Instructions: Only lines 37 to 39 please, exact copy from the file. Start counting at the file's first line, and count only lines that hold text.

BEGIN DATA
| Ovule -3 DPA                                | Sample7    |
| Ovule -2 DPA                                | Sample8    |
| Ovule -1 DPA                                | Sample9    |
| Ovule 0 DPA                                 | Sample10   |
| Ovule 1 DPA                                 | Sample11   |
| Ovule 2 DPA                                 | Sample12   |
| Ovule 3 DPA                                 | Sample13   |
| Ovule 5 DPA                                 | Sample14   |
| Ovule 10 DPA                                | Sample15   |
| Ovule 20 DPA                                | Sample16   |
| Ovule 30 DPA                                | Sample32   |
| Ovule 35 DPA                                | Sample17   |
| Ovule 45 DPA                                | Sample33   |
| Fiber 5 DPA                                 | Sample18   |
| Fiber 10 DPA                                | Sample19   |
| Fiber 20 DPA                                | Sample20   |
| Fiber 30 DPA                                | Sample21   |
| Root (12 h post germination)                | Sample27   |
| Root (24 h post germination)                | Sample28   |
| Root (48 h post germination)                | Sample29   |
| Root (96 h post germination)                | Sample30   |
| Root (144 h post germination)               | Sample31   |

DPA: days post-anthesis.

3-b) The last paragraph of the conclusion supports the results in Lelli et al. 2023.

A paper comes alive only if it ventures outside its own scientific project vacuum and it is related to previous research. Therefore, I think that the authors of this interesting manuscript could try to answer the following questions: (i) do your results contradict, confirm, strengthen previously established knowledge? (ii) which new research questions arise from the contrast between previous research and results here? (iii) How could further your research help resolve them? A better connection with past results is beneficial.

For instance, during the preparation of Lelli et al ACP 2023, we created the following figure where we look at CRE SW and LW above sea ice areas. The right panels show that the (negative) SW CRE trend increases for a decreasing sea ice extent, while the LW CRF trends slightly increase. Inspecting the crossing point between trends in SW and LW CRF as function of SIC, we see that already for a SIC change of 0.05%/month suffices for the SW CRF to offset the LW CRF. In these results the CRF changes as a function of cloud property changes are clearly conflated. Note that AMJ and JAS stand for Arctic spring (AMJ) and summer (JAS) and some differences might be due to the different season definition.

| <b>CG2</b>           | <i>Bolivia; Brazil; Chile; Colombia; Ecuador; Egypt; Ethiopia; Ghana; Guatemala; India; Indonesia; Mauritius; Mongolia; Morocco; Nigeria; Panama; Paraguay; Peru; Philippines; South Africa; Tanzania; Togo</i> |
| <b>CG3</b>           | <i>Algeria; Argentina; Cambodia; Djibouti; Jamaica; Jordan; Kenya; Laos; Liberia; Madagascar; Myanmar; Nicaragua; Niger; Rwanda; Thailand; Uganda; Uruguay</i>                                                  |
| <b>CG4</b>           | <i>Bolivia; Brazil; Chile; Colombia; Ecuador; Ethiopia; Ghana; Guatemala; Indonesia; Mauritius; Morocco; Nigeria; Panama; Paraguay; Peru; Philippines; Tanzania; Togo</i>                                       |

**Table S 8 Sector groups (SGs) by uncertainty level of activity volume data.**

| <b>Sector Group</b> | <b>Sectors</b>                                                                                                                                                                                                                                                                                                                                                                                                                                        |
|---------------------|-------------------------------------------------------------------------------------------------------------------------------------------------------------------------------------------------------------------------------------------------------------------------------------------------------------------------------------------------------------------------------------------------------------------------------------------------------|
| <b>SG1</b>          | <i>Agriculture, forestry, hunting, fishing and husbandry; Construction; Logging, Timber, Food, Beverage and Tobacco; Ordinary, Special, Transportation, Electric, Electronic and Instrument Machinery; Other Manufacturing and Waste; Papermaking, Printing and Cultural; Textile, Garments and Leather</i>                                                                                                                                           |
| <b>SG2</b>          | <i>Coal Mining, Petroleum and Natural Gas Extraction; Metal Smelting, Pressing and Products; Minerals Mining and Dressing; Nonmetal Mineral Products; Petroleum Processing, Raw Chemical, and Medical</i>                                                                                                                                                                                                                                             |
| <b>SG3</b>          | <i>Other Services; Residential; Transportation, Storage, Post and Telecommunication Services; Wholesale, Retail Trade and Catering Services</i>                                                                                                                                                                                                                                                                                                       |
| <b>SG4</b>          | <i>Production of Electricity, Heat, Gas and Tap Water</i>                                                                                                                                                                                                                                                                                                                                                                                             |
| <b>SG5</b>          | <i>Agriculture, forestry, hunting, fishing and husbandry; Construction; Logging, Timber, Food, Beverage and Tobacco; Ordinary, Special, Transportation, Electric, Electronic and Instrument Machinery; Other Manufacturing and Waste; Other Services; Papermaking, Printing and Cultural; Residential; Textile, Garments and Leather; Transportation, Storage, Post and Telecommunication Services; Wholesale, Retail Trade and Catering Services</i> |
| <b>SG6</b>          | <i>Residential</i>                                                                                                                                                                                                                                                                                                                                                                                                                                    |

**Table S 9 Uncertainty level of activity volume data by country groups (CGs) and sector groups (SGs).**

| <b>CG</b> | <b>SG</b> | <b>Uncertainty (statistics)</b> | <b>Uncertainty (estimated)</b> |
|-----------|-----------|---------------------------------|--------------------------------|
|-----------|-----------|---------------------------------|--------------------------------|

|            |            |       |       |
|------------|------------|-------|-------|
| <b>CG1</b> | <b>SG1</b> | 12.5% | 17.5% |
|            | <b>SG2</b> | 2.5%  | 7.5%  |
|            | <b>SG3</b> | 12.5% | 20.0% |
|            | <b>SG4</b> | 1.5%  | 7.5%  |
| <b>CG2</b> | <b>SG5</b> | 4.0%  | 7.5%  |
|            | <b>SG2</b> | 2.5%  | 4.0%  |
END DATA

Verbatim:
| <b>SG5</b>          | <i>Agriculture, forestry, hunting, fishing and husbandry; Construction; Logging, Timber, Food, Beverage and Tobacco; Ordinary, Special, Transportation, Electric, Electronic and Instrument Machinery; Other Manufacturing and Waste; Other Services; Papermaking, Printing and Cultural; Residential; Textile, Garments and Leather; Transportation, Storage, Post and Telecommunication Services; Wholesale, Retail Trade and Catering Services</i> |
| <b>SG6</b>          | <i>Residential</i>                                                                                                                                                                                                                                                                                                                                                                                                                                    |

**Table S 9 Uncertainty level of activity volume data by country groups (CGs) and sector groups (SGs).**